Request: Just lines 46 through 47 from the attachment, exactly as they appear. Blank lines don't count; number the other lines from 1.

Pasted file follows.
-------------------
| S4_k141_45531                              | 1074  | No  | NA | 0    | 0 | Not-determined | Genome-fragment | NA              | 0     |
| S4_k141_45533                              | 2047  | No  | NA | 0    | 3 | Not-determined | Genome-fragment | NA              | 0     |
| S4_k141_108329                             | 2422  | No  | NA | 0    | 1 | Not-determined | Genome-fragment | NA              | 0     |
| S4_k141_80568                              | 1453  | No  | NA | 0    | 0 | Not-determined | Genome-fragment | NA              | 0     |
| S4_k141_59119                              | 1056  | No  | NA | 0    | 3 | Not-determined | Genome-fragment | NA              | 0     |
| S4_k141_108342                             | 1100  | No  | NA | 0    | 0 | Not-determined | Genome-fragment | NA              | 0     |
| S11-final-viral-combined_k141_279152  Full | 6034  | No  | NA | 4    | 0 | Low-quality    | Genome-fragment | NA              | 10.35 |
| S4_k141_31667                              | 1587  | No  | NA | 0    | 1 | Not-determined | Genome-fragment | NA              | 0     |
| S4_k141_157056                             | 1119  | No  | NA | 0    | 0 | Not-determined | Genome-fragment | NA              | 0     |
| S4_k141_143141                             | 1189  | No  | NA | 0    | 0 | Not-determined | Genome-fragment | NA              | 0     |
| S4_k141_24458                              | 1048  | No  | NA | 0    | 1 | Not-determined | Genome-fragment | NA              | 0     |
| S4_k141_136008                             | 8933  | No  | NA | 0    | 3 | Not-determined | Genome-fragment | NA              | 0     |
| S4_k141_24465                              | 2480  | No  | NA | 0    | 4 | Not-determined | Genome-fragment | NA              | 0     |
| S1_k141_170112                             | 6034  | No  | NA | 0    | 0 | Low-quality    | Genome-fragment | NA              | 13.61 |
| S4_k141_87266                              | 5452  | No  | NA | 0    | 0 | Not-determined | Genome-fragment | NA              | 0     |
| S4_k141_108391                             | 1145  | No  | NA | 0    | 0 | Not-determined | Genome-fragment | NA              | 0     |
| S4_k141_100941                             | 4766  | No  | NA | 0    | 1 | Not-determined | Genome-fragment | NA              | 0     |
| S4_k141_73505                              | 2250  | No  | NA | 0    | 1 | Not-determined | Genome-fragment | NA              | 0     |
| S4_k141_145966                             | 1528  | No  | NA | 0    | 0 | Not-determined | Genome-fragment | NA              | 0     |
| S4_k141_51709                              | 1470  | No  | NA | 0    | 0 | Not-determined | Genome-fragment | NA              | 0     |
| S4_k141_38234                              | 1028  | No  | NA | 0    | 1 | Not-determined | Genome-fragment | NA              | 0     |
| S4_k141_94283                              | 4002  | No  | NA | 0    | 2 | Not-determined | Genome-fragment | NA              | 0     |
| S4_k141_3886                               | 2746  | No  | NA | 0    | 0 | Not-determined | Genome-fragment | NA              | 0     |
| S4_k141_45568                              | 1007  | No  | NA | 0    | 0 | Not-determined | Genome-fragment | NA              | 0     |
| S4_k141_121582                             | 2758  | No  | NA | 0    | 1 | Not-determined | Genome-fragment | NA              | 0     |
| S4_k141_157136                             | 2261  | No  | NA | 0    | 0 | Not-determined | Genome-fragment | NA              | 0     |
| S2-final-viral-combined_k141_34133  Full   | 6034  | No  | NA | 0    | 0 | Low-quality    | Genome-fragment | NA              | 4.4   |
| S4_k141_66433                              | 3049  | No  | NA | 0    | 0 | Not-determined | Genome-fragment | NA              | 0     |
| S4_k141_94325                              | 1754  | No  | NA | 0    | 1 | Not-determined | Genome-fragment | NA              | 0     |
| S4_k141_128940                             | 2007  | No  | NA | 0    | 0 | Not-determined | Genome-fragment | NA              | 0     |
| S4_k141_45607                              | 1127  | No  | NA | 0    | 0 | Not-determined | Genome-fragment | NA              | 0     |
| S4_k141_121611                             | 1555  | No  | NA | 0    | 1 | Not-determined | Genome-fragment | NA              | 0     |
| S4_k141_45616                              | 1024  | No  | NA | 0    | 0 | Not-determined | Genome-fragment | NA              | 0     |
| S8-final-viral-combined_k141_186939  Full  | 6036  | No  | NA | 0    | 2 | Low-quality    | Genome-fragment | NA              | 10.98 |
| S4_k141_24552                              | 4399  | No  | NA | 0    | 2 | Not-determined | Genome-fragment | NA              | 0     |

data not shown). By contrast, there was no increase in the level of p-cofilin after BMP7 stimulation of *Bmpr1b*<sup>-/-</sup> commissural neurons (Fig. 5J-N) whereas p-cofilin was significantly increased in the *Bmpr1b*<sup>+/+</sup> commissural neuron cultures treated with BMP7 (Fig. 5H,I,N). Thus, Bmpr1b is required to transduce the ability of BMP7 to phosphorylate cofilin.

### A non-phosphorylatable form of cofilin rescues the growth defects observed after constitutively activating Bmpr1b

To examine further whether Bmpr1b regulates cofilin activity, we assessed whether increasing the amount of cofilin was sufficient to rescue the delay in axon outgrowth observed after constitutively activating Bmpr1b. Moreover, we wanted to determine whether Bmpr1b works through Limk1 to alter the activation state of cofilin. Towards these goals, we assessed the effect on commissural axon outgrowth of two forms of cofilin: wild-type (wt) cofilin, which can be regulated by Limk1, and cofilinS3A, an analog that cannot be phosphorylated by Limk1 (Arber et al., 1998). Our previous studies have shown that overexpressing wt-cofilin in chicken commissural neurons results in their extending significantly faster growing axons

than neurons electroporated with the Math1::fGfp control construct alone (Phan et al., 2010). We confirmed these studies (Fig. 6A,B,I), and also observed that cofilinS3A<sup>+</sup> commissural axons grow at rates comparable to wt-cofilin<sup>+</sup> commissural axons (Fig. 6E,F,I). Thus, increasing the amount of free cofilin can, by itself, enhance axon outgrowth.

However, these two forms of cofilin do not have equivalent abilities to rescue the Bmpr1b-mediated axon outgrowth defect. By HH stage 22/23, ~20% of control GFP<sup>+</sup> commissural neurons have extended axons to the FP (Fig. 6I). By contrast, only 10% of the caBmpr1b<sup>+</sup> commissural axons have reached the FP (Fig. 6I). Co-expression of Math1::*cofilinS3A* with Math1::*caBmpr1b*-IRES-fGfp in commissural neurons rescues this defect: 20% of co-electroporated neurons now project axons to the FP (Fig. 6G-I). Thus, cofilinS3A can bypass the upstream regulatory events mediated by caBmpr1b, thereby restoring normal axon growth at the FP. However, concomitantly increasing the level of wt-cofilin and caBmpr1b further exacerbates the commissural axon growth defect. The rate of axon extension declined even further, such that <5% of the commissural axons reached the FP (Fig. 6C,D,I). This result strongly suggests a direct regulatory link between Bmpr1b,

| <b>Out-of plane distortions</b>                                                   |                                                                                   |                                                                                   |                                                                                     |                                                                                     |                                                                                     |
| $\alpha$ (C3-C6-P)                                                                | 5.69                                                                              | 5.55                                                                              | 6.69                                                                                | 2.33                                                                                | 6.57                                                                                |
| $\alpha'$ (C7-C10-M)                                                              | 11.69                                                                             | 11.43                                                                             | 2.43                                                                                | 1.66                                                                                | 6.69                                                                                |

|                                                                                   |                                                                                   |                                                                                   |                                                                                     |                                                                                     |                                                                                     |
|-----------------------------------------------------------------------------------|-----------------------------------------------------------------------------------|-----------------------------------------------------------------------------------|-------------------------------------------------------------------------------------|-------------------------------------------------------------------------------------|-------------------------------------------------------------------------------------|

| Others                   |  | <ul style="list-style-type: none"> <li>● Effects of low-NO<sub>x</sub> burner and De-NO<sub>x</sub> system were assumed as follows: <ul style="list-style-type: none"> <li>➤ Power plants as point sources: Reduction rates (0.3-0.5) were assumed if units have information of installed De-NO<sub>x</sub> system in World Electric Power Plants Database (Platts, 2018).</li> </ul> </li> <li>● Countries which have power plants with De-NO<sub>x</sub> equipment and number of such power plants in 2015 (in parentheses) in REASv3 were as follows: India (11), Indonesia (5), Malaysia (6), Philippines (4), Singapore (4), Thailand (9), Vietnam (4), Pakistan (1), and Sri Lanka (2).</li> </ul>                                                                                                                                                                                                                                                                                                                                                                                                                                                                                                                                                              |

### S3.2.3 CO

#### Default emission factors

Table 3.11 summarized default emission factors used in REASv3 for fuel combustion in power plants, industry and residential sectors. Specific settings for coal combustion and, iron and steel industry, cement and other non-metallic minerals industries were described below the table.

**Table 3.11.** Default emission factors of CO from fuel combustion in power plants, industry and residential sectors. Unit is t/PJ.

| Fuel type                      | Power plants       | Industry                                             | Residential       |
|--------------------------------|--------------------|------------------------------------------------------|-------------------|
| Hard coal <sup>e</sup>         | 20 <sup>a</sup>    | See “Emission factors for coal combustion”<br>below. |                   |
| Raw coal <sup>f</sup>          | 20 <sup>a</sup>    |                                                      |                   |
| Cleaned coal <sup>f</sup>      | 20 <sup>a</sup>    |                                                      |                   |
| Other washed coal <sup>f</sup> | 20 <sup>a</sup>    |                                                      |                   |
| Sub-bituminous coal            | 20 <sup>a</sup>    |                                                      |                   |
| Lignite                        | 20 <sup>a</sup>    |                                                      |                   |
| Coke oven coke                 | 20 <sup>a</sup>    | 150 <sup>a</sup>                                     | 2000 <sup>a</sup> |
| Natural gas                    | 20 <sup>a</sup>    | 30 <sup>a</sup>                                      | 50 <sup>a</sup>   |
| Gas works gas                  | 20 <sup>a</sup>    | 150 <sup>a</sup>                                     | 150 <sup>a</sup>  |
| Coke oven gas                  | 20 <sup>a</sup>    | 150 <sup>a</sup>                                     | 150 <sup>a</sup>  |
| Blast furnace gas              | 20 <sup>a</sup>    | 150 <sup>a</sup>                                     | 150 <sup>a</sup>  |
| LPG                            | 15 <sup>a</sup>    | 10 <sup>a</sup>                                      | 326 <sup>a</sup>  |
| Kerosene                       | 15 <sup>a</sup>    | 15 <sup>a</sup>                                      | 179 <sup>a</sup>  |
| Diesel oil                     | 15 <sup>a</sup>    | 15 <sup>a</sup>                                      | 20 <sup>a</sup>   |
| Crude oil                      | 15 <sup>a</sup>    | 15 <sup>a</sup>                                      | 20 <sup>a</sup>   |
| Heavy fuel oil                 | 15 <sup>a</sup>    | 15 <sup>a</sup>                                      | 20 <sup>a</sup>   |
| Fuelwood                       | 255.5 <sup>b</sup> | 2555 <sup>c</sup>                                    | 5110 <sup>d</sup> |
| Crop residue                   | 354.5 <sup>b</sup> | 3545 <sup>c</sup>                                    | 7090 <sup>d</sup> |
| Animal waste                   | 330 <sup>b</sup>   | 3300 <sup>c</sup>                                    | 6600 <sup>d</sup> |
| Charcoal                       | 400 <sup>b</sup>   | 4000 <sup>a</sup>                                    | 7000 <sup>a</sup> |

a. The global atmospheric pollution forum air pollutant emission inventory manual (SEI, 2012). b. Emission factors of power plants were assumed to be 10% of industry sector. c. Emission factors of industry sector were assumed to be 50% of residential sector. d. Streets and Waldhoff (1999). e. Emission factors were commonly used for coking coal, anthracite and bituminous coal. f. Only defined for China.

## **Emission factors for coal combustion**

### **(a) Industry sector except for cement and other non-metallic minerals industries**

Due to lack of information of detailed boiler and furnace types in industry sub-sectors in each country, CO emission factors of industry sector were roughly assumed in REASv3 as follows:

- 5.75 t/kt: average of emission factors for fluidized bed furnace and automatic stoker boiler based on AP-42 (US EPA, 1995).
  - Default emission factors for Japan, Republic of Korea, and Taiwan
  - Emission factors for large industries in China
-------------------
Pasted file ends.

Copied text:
| Others                   |  | <ul style="list-style-type: none"> <li>● Effects of low-NO<sub>x</sub> burner and De-NO<sub>x</sub> system were assumed as follows: <ul style="list-style-type: none"> <li>➤ Power plants as point sources: Reduction rates (0.3-0.5) were assumed if units have information of installed De-NO<sub>x</sub> system in World Electric Power Plants Database (Platts, 2018).</li> </ul> </li> <li>● Countries which have power plants with De-NO<sub>x</sub> equipment and number of such power plants in 2015 (in parentheses) in REASv3 were as follows: India (11), Indonesia (5), Malaysia (6), Philippines (4), Singapore (4), Thailand (9), Vietnam (4), Pakistan (1), and Sri Lanka (2).</li> </ul>                                                                                                                                                                                                                                                                                                                                                                                                                                                                                                                                                              |

### S3.2.3 CO